This particular mission required the use of a pressure suit.  The planned altitude was to be 45,000 feet.  The Operations Officer briefed Tilson and his wingman on the coming mission.  His wingman was Lt. Robert G. Moore.  Moore would not be wearing a pressure suit.  Tilson was assigned aircraft #56-840.  He and the squadron pressure suit specialists preflighted the aircraft.  They then went to the pressure suit fitting room, where they dressed Tilson and checked his suit.  They all then went to the aircraft and strapped Tilson in.  The suit was again checked using the aircraft oxygen test switch. 

The flight was delayed for 20 minutes when the target aircraft aborted after take-off.  This aircraft could have been a B-52 from Fairchild.  Then flight was delayed another 20 minutes waiting for an instrument clearance.  When he finally received clearance, he taxied to the active.  He made the requisite calls to the mobile control unit.  (Mobile control usually had an active pilot who evaluated take-offs and landings.  It was usually a small green house-like structure that was situated on a part of the field away from the main control tower.)

The flight lifted off at 1035 AM.[2]  All was normal, but at 25,000, Tilson allowed his speed to drop below .7 mach.  Normal climb was made at .85 mach.  They broke out of the clouds at 32,000 feet, at which time Tilson resumed normal climb speed.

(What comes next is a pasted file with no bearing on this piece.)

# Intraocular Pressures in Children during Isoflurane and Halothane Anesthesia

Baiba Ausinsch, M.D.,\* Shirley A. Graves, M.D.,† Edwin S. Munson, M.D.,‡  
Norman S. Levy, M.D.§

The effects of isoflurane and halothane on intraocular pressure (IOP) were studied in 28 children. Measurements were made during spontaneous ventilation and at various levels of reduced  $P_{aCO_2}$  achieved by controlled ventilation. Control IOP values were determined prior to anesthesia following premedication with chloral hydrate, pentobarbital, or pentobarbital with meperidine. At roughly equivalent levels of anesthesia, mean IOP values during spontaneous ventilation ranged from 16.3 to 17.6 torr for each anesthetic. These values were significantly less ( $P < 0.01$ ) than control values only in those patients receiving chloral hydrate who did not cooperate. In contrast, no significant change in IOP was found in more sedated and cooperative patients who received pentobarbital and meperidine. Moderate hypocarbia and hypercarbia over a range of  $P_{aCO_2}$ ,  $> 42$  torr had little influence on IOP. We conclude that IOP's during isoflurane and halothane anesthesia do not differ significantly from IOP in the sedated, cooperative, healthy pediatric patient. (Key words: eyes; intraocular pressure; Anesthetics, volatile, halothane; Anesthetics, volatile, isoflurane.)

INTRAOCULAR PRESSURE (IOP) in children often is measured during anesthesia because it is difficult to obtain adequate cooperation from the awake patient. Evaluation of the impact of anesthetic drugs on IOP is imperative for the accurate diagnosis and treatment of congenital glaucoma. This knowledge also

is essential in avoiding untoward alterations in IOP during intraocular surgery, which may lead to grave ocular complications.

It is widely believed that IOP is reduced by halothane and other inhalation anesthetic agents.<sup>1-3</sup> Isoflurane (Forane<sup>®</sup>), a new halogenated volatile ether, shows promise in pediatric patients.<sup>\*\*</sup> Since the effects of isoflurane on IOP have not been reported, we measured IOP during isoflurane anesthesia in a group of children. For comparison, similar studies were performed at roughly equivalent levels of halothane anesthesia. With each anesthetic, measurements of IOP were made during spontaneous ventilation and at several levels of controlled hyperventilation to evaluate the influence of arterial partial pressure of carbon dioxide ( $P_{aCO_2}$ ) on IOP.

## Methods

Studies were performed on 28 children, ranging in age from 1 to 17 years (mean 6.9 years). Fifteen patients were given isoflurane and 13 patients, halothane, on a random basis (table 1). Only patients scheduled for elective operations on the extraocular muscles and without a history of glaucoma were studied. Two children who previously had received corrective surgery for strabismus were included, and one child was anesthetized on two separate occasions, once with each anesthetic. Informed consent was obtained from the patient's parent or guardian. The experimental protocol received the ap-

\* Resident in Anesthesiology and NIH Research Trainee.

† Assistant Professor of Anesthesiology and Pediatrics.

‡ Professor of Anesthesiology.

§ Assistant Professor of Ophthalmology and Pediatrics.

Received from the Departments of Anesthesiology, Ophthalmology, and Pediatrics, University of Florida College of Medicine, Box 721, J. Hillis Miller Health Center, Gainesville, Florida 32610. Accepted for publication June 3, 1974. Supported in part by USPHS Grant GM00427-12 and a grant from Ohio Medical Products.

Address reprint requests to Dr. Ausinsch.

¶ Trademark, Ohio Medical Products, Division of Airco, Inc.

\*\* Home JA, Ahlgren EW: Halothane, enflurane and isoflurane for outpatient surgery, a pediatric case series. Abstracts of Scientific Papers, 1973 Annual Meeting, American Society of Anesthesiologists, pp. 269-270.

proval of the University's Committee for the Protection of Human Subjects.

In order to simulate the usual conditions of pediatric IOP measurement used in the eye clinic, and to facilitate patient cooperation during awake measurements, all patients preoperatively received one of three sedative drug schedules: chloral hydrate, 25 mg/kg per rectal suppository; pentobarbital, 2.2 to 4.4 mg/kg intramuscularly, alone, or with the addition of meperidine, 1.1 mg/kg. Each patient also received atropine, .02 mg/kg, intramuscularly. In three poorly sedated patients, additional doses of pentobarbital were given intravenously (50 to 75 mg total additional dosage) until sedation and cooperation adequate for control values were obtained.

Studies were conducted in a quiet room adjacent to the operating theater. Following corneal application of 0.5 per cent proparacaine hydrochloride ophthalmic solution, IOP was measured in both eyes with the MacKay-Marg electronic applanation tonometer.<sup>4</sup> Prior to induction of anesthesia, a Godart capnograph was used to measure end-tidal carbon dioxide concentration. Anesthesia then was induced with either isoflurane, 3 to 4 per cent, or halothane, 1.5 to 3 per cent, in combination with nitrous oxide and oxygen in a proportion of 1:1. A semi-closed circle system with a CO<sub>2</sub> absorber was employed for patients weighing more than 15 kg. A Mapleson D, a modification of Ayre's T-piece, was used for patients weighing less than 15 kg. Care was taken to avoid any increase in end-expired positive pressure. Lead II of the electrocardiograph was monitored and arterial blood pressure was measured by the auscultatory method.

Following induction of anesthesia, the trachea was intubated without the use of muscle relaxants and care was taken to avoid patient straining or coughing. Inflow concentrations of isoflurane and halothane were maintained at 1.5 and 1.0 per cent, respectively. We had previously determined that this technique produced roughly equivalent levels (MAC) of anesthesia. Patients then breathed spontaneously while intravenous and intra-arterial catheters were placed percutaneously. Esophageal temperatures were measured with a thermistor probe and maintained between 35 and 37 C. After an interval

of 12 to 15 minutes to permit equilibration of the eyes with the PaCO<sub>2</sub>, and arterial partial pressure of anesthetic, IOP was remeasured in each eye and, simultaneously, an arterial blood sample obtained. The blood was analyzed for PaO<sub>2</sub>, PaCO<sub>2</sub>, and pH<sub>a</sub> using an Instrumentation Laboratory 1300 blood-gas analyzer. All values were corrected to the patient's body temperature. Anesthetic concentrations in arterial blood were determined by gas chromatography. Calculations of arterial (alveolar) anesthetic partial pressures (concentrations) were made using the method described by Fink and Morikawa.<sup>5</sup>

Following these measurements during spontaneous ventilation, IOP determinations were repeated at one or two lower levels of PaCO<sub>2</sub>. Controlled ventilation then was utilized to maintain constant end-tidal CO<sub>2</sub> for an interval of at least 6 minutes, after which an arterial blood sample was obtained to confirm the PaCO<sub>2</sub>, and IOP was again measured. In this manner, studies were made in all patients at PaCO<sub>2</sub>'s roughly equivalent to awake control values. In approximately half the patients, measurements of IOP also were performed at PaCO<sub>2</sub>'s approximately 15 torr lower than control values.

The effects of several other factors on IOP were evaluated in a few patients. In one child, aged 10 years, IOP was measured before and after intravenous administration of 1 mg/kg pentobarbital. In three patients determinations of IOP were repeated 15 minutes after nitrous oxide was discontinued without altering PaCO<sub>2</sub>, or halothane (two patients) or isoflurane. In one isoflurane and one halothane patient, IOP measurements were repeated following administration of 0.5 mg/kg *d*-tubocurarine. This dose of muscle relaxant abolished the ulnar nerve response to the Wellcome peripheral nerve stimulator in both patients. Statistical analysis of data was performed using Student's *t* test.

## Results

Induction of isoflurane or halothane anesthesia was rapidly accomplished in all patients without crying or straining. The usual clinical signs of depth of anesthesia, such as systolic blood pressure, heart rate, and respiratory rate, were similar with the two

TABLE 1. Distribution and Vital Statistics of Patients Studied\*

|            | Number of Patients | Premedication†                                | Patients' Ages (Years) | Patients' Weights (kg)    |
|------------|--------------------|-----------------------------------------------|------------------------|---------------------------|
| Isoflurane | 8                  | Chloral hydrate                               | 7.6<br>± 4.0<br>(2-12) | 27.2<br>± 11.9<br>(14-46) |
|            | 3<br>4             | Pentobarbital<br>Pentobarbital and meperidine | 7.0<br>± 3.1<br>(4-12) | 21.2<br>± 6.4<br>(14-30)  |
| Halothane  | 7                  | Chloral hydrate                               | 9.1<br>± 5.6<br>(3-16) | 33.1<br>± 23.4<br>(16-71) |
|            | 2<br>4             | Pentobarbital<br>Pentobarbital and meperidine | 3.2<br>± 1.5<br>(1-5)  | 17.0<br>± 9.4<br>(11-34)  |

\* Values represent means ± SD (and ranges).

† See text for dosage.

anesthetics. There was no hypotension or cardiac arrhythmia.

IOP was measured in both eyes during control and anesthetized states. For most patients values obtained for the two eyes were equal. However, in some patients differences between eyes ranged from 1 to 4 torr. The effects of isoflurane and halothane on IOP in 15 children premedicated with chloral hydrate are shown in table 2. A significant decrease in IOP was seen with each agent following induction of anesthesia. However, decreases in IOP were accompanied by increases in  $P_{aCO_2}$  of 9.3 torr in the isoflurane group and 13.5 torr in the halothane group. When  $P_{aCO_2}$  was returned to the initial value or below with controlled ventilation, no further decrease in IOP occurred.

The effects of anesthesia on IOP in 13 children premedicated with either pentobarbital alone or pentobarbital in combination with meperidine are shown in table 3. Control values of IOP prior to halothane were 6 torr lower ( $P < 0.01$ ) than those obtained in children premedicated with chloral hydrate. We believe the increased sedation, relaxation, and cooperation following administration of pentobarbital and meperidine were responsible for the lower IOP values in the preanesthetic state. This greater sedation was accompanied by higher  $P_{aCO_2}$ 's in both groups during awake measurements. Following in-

Tilson and wingman contacted the ground control site.  Tilson was vectored Northwesterly, while Moore was vectored to the West.  Moore would be playing the part of the target that had aborted earlier.  Both pilots put distance between each other for the intercept.  Then Ground control vectored them inbound.  Tilson was vectored behind Moore.  He was doing about Mach 1.4 and his altitude was 45,000 feet.  Tilson was conscious and answering instructions until he was three miles behind the target.  He still had not acquired the target.  According to ground control, he slowed.  He was instructed to break off the intercept and turn off his identification signal. 

Tilson did not acknowledge this transmission, even though it was repeated several times.  Then his identification signal faded and no other contact could be made with him or his aircraft.  The aircraft crashed not far from the area of the intercept, about half way between Farmer, Washington and Douglas, Washington, on Lawrence Egger’s farm. 

Tilson did not survive.  There is no more to my version of the accident report.  No indication as to cause, no indication as to why.  Nothing.  One hopes First Lt. Tilson’s widow and child took solace in the fact that he died doing what he doubtlessly loved doing. 

As usual, if you have any more information on this accident, please feel free to e-mail me and help me fill out the rest of the story.

[1] “Base Probes Fatal Crash” Spokane Daily Chronicle, April 14, 1960. http://news.google.com/newspapers?id=JJcSAAAAIBAJ&sjid=IfcDAAAAIBAJ&dq=william%20tilson&pg=4133%2C3873721

[2] The report says 1035P, but another part lists accident time as 1100 PST.  The F-104 was a day fighter, a night intercept does not make sense.

Author's personal recollections.

Accident report for #56-840, USAF

Spokane Daily Chronicle, April 14, 1960.